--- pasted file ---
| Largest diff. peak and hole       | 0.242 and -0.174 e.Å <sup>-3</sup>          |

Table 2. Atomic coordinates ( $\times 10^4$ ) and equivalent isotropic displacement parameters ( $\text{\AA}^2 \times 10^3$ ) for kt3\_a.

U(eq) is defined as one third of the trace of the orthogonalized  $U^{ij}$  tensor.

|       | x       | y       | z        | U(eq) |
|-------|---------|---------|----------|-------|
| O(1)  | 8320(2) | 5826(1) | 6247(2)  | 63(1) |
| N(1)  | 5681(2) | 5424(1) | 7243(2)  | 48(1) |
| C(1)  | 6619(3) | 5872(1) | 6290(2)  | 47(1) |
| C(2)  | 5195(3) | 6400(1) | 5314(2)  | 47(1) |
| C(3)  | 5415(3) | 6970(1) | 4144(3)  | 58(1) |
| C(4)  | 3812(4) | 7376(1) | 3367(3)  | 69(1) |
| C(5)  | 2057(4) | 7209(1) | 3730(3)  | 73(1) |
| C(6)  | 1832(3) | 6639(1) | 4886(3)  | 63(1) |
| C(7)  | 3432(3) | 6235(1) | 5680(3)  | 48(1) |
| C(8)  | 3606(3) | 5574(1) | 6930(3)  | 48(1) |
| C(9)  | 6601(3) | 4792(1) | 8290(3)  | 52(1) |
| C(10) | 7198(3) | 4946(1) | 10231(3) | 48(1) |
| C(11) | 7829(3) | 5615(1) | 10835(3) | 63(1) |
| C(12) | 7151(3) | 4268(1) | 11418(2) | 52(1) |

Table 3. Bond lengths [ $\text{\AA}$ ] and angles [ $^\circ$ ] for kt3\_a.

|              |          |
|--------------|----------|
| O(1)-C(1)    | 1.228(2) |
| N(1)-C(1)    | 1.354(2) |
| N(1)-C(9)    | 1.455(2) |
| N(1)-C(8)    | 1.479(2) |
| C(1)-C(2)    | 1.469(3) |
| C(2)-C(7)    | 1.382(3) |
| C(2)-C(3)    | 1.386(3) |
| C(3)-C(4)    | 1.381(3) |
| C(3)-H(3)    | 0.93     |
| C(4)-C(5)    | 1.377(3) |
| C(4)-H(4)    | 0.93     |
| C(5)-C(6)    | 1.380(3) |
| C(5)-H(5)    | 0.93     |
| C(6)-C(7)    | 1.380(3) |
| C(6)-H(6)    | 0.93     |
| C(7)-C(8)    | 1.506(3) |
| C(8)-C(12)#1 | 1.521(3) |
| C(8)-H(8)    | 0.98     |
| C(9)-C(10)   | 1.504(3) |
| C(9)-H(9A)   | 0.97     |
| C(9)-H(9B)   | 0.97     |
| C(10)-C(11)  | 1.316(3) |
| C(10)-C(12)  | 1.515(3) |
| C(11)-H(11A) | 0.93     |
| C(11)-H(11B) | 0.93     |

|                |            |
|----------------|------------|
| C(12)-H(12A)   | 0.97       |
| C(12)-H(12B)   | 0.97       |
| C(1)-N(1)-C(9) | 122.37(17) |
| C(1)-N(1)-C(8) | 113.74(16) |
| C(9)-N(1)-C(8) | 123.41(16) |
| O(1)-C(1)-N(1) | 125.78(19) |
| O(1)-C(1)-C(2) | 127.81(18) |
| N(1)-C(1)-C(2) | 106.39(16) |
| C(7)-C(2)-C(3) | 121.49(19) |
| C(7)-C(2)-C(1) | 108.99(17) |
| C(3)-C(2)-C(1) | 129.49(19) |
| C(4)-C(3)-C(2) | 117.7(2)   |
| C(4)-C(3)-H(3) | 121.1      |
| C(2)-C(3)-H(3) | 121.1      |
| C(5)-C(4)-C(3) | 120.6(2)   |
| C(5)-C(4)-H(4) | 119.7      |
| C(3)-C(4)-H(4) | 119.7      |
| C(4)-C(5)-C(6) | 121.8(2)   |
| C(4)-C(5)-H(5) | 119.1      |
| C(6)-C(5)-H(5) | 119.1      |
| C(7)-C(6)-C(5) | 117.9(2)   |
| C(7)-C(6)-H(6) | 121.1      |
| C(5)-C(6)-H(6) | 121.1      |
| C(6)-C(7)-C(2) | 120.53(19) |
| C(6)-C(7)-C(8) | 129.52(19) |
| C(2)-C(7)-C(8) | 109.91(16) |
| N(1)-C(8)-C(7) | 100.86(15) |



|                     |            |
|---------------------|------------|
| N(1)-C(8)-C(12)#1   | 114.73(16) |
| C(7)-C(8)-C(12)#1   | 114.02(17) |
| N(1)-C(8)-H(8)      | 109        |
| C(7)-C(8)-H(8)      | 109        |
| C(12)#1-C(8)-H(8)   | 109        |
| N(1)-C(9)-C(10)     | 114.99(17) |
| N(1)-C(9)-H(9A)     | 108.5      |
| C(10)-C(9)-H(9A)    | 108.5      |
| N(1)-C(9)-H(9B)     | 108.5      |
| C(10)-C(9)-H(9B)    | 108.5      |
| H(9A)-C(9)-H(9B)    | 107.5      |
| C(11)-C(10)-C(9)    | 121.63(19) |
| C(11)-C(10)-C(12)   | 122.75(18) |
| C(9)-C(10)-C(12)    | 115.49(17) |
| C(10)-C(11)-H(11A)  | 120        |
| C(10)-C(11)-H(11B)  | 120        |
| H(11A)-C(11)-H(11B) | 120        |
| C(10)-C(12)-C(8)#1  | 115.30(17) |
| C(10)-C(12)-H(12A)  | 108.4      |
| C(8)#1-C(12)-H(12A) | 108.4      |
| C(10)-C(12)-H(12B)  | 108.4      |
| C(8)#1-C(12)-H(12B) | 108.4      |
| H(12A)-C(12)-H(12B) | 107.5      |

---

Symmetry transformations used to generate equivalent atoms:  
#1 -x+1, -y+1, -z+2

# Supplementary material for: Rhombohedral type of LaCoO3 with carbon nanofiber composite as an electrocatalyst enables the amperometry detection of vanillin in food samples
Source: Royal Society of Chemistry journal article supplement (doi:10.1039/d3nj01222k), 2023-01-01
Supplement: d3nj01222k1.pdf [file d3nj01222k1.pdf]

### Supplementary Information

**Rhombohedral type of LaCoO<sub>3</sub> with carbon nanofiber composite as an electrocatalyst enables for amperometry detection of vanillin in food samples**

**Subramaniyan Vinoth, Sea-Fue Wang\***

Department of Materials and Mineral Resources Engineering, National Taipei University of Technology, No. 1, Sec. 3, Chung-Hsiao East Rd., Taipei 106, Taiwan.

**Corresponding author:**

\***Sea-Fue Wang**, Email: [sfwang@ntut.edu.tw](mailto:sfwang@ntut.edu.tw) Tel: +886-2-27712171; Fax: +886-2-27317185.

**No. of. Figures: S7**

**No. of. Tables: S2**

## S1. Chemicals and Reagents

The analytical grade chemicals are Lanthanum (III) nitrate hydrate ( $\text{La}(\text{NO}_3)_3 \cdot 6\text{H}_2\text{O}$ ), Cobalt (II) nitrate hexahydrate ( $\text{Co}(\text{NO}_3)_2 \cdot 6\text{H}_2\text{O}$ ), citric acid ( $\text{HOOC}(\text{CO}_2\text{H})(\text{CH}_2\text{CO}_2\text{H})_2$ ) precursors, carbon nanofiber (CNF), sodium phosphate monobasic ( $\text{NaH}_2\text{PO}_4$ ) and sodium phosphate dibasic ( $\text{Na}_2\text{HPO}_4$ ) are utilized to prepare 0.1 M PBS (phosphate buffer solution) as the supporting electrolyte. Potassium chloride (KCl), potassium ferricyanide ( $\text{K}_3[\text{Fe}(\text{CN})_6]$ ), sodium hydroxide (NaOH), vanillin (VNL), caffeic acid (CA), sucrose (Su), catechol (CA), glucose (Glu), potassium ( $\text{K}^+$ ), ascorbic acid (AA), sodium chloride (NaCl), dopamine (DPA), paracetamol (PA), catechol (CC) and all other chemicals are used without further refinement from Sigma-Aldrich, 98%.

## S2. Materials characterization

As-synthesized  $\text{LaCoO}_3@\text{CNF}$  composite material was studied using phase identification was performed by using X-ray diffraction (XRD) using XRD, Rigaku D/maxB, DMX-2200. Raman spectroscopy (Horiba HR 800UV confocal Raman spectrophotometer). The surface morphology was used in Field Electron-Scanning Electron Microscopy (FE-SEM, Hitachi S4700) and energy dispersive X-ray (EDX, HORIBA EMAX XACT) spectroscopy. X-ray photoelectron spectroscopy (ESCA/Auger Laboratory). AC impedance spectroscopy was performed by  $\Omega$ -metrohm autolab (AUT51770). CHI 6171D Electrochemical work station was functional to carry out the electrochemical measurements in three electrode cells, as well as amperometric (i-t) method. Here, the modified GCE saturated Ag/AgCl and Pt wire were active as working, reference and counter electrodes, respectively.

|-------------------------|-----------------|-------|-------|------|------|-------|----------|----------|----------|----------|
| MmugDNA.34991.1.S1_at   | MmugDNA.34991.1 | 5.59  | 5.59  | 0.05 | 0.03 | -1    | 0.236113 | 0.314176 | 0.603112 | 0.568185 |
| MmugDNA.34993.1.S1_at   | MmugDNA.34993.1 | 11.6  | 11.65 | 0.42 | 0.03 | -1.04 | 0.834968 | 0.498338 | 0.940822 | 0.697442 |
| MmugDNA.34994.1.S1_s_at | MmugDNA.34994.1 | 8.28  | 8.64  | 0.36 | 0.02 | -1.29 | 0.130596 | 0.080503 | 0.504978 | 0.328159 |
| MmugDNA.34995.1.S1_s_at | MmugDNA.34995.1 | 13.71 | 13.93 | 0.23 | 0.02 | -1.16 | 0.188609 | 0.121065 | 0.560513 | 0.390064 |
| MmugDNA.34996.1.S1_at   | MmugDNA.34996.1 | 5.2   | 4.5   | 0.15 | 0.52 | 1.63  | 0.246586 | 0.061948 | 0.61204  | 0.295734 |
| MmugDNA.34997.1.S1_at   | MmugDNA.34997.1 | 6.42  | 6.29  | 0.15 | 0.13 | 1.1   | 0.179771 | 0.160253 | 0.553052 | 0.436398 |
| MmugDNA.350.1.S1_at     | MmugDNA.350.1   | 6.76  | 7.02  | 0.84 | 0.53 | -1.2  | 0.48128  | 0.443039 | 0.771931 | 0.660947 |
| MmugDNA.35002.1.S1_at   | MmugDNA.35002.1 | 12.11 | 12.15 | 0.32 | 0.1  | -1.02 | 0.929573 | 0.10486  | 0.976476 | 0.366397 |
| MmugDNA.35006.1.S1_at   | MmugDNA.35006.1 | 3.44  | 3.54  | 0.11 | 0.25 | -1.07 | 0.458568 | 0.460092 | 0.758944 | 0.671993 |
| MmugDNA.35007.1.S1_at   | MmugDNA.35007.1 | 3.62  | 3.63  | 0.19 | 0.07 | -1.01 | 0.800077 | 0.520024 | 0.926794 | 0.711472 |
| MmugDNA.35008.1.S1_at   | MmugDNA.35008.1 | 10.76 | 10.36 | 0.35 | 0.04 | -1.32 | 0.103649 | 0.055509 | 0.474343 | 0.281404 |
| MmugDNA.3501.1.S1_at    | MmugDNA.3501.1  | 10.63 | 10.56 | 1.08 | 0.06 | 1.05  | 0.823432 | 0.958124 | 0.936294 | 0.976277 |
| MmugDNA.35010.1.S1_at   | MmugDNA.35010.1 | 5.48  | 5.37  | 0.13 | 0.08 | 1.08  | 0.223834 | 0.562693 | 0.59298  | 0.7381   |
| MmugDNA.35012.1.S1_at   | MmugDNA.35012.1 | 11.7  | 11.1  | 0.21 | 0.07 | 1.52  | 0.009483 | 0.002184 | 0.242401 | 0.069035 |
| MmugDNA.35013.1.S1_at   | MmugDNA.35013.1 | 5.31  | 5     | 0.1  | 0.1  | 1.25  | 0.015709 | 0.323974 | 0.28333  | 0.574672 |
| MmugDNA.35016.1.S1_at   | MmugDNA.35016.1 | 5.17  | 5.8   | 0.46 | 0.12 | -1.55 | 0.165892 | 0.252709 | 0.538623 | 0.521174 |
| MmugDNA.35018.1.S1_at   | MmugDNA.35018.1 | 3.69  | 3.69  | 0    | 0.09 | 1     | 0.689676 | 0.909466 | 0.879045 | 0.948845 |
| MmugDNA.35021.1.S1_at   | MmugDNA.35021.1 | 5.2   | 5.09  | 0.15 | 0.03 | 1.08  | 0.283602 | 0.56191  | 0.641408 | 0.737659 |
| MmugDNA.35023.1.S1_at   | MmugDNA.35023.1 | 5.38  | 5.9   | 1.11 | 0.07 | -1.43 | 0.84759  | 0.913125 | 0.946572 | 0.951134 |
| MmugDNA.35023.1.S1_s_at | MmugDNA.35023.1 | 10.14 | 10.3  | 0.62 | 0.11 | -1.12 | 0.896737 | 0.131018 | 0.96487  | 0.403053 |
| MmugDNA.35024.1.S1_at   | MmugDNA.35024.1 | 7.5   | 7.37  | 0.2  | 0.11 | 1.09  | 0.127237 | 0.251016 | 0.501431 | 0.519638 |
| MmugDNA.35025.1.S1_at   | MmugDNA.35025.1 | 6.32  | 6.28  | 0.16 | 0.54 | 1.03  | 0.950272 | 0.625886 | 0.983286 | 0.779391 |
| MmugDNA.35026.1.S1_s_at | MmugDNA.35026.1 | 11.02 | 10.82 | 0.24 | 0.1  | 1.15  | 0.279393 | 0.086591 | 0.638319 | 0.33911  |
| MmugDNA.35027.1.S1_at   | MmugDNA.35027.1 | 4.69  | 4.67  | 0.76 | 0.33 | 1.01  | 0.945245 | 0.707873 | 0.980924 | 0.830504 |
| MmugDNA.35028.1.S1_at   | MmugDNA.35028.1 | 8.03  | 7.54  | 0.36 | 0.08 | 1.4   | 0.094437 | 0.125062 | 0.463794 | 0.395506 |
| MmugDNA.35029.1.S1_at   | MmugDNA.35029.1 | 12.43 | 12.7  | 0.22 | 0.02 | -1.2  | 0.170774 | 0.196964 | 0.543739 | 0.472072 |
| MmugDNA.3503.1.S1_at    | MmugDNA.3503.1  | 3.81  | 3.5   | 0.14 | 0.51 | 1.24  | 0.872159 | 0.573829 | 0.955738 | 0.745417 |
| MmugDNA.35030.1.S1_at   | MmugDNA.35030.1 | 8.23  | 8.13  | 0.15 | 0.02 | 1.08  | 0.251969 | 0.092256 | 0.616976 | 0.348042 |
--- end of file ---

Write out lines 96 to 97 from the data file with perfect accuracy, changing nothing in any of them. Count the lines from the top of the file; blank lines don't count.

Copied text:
| C(10)-C(12)-C(8)#1  | 115.30(17) |
| C(10)-C(12)-H(12A)  | 108.4      |